Post by Kudzai Muzorewa(@KudzaiMuzo), Innovate High Performance Centre Personal Trainer, BA. Chemistry, A.C.E. Certified Personal Trainer, World Rugby Level 1 Strength & Conditioning Coach
Before you grab a dumbbell or put your running shoes on, the first thing any athlete needs is a plan for success. For many young athletes, the dreams and aspirations of becoming famous are ever-present and the internal drive to do “whatever it takes” is at the forefront of their minds. While this youthful exuberance can lead to a lifetime of success, if it is left unguided and ill-disciplined, it will more than likely lead to injury, failure, frustration and feelings of low self-esteem. To avoid the latter, athletes need to set
SMART stands for Specific, Measurable, Achievable, Realistic and Time bound. Let’s look at these parameters one at a time. A specific goal means that it is not vague. It is definite. An example of a specific goal would be; “I want to be able to do 60 push ups without stopping”. Conversely, an example of a vague goal would be, “I want to be better than my opposition.” The second example is vague in that it is hard to define whether the goal of simply “being better” has ever been achieved.
The ‘M’ in SMART stands for measurable. This means that there is a way for the athlete’s progress towards that goal to be quantified. Using the above ‘60 unbroken pushups’ example, if at the time when I set the goal, I could only do 30 and now, weeks later, I can do 50 before I need a rest, my progress is clear and undeniable. Making your goals measurable in this way is great for self assessment and continued motivation. It is also a good tool to be used when regularly re-evaluating your goals.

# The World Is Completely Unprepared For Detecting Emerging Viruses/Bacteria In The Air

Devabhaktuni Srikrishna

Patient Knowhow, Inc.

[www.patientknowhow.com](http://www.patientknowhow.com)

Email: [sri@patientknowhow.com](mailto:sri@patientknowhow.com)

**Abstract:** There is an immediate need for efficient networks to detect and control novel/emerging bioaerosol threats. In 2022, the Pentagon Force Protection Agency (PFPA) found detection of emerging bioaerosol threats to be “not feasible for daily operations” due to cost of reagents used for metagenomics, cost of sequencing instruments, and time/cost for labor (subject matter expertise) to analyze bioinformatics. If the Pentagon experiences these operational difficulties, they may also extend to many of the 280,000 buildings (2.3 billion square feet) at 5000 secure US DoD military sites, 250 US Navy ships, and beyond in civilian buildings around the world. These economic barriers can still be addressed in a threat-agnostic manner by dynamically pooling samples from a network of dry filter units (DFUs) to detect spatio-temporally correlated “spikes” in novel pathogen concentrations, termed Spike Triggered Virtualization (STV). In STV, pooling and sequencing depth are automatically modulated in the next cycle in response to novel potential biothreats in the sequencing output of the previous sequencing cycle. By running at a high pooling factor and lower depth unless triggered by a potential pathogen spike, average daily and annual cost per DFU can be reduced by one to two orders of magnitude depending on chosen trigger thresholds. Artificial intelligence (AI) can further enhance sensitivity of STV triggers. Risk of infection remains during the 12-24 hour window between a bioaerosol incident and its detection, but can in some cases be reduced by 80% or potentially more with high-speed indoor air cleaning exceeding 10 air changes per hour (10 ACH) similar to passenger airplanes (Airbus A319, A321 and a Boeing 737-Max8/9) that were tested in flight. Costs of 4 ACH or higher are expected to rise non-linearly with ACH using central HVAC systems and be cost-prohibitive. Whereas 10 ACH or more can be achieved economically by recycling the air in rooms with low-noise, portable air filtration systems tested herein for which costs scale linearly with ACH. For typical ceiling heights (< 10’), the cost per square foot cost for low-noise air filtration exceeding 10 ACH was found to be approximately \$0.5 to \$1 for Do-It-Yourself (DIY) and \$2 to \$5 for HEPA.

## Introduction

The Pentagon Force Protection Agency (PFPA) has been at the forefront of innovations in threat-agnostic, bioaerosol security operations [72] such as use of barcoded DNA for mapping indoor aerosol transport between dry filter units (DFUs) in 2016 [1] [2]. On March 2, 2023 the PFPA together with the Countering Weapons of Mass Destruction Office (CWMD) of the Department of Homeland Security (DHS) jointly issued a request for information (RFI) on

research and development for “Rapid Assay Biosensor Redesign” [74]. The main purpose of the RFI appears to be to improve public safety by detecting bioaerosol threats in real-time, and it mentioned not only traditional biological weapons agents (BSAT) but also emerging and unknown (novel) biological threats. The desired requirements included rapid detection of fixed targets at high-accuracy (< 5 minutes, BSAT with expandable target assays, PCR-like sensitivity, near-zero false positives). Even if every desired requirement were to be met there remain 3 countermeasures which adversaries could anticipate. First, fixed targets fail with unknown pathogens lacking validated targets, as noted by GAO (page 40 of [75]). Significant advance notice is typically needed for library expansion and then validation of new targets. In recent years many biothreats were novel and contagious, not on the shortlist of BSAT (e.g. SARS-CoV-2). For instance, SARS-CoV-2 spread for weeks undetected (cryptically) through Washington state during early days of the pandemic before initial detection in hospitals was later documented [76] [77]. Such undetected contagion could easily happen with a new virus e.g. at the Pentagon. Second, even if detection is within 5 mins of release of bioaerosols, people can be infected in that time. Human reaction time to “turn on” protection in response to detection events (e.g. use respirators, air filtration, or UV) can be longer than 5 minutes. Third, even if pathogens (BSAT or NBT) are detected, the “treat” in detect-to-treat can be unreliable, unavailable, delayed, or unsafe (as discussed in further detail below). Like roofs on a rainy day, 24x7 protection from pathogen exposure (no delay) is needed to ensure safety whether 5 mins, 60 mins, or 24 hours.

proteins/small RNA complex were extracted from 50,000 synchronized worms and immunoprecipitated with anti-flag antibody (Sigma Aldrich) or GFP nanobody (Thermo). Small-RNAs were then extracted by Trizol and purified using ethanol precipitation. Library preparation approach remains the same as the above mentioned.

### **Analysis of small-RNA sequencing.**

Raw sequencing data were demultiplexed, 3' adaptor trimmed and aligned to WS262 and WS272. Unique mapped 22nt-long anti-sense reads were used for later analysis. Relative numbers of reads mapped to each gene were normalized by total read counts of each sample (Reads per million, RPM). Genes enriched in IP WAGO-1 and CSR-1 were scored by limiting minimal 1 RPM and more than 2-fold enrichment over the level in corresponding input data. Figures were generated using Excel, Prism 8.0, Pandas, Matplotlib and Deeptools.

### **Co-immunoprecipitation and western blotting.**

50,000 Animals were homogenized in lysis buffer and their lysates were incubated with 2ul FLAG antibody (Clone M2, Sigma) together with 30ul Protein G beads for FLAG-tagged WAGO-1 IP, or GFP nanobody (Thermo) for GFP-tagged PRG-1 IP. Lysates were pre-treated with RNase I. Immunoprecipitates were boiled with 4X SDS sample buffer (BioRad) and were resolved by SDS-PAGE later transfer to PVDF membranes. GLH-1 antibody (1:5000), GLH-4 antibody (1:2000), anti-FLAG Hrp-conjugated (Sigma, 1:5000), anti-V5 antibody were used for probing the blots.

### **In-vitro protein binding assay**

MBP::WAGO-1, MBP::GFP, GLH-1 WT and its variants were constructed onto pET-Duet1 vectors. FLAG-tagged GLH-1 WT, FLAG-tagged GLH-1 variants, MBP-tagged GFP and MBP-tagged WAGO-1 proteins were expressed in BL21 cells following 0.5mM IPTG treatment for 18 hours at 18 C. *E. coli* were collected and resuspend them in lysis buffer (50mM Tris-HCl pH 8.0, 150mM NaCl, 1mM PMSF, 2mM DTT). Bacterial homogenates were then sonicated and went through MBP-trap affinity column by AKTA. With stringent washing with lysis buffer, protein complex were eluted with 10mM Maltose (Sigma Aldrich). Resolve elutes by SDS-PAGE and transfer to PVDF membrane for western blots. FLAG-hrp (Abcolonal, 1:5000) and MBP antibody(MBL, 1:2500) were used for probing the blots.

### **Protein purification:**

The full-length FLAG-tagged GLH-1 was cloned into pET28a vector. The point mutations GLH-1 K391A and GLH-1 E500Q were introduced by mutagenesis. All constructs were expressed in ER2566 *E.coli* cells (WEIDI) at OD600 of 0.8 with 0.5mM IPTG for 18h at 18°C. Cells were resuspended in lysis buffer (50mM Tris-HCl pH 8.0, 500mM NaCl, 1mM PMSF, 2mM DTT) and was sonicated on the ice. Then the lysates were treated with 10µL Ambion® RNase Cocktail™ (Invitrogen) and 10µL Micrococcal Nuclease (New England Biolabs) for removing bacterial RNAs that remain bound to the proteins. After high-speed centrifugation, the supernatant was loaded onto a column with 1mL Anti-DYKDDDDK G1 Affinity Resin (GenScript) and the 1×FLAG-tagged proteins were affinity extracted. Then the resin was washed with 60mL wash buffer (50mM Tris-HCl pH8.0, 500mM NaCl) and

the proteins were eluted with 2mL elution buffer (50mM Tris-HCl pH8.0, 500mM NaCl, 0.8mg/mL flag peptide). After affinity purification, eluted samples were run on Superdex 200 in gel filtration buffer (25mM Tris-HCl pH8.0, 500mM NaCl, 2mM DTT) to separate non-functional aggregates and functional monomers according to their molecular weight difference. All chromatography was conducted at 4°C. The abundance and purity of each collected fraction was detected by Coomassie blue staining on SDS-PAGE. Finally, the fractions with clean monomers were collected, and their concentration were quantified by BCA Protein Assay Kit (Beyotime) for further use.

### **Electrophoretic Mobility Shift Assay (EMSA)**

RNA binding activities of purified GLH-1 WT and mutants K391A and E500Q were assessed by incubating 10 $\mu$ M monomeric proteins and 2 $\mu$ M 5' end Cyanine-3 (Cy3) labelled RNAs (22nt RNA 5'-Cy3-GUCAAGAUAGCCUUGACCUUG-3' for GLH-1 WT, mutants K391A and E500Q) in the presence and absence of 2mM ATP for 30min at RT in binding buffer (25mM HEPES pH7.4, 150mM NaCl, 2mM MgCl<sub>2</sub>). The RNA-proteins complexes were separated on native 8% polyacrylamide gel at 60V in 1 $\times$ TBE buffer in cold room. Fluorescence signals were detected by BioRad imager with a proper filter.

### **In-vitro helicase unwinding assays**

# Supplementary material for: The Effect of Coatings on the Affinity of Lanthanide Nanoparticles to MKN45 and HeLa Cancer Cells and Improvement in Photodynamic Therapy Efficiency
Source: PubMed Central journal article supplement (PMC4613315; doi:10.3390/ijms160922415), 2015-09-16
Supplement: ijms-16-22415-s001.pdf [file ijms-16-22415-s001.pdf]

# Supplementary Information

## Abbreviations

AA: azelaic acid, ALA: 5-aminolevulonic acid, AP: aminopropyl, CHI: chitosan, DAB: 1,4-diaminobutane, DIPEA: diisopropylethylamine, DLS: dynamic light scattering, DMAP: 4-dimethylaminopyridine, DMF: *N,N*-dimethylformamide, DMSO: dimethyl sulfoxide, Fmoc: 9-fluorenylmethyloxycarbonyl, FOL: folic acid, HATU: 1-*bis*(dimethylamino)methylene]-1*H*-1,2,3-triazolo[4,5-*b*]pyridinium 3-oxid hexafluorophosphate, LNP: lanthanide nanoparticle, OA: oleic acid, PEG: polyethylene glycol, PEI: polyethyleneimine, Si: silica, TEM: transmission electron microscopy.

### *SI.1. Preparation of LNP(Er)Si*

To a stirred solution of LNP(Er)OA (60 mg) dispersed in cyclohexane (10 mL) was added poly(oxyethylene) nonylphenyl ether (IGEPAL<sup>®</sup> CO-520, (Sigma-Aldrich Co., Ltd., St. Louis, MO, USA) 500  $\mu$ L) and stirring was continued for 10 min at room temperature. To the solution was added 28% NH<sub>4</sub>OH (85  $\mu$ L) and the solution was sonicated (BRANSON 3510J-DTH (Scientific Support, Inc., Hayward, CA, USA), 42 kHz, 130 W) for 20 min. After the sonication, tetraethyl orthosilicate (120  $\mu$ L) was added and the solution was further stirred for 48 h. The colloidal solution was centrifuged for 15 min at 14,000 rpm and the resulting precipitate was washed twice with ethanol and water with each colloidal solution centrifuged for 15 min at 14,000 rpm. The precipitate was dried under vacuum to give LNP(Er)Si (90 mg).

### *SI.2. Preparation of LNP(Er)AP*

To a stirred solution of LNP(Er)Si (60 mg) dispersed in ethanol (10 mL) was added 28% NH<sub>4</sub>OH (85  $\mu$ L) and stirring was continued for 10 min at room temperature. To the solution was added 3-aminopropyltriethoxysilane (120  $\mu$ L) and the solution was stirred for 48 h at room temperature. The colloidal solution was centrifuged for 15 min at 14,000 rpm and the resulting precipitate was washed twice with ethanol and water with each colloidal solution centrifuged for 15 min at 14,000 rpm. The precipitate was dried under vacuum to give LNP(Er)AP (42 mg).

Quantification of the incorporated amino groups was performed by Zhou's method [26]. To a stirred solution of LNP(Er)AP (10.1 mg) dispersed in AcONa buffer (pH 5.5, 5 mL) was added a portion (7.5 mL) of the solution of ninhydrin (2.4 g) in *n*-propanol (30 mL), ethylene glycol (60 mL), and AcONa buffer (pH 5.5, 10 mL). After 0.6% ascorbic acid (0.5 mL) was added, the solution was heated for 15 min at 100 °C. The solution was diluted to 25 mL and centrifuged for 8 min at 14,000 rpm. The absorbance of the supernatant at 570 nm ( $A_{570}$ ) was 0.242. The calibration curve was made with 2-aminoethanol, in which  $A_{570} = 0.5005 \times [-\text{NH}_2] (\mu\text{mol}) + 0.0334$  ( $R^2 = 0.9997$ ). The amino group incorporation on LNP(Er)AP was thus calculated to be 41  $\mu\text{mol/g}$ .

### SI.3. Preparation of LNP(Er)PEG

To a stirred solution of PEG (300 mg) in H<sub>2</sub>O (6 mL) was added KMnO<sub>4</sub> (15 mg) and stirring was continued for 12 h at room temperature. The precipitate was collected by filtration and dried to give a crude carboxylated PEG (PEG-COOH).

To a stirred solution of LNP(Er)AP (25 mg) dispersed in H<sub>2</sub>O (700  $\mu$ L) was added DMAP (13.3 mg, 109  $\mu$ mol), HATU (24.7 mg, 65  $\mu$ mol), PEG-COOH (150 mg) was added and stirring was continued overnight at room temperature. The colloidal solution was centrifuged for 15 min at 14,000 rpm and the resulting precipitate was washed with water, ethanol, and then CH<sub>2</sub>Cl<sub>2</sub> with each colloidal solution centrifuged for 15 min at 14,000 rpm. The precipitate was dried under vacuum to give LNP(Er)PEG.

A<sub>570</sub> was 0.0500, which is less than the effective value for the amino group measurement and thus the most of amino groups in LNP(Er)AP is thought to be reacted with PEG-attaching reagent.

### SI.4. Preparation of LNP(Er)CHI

Achievable and Realistic in the SMART goal system go hand in hand in my opinion. Achievable means that the goal is one that can be reached and realistic means that it is possible for the athlete to carry out this goal. Here is an example of an achievable and realistic goal; an under-14 student playing for the B side of his school’s rugby team has a goal of playing for the A side by the next rugby season. An example of an unrealistic and unachievable goal would be the same U14 B side rugby player wanting to play for the All Blacks in the Rugby World Cup to be played in a few months. Setting achievable and realistic goals is about learning to build towards a greater dream brick by brick instead of trying to build Rome in one day.
Finally, we have the Time Bound parameter of our goal setting. Without a time frame for our goals we can either stay in our current condition or we will burn ourselves out trying to do too much too soon. Without a time limit, one could reach the goal of 60 unbroken pushups in 60 years or one could try to reach that goal by tomorrow. As you can imagine, neither of these timeframes do the athlete any good. To put it all together, an example of a SMART goal would be as follows; “I will be able to do 20 unbroken pushups in two months time”. As we’ve already discussed, it is a specific and measurable goal. Considering the athlete’s current conditioning level, and the amount of time given to carry out the goal, it is safe to say that this goal is also achievable and realistic.
Once a motivated athlete has a SMART goal, the very next thing they will need is guidance. So many young athletes walk into our gym full of ambition and keen as mustard to ‘make the team’ that they download any and every gym program that they can find online. While most of the programs are sound, they may not be suitable for the young athlete and can often times put the athlete at a greater risk of injury. To illustrate this, a professional or club rugby lifting program could be posted online and may involve barbell snatches, ‘power cleans’ and dead lifts. The caption that gained the reader’s attention would be ‘Off-Season Strength Program’. As this is exactly what the reader was looking for, it is “perfect”. However, more often than not, the young athlete may not have proper technique or even adequate core strength to safely and effectively execute these lifts. With proper help, the bright-eyed and bushy-tailed athlete will be much safer, better able to stay ‘on-track’ with his or her goals as well as gain a better understanding of how to ‘self-manage’.
In conclusion, it should be understood that as you start your journey to fitness, it’s not about focusing on how many sit ups, push ups or squats you need to do to be the next Kirsty Coventry. Rather, like any great and worthwhile journey, the best place to start is with a SMART plan and a guide. The rest will fall into place.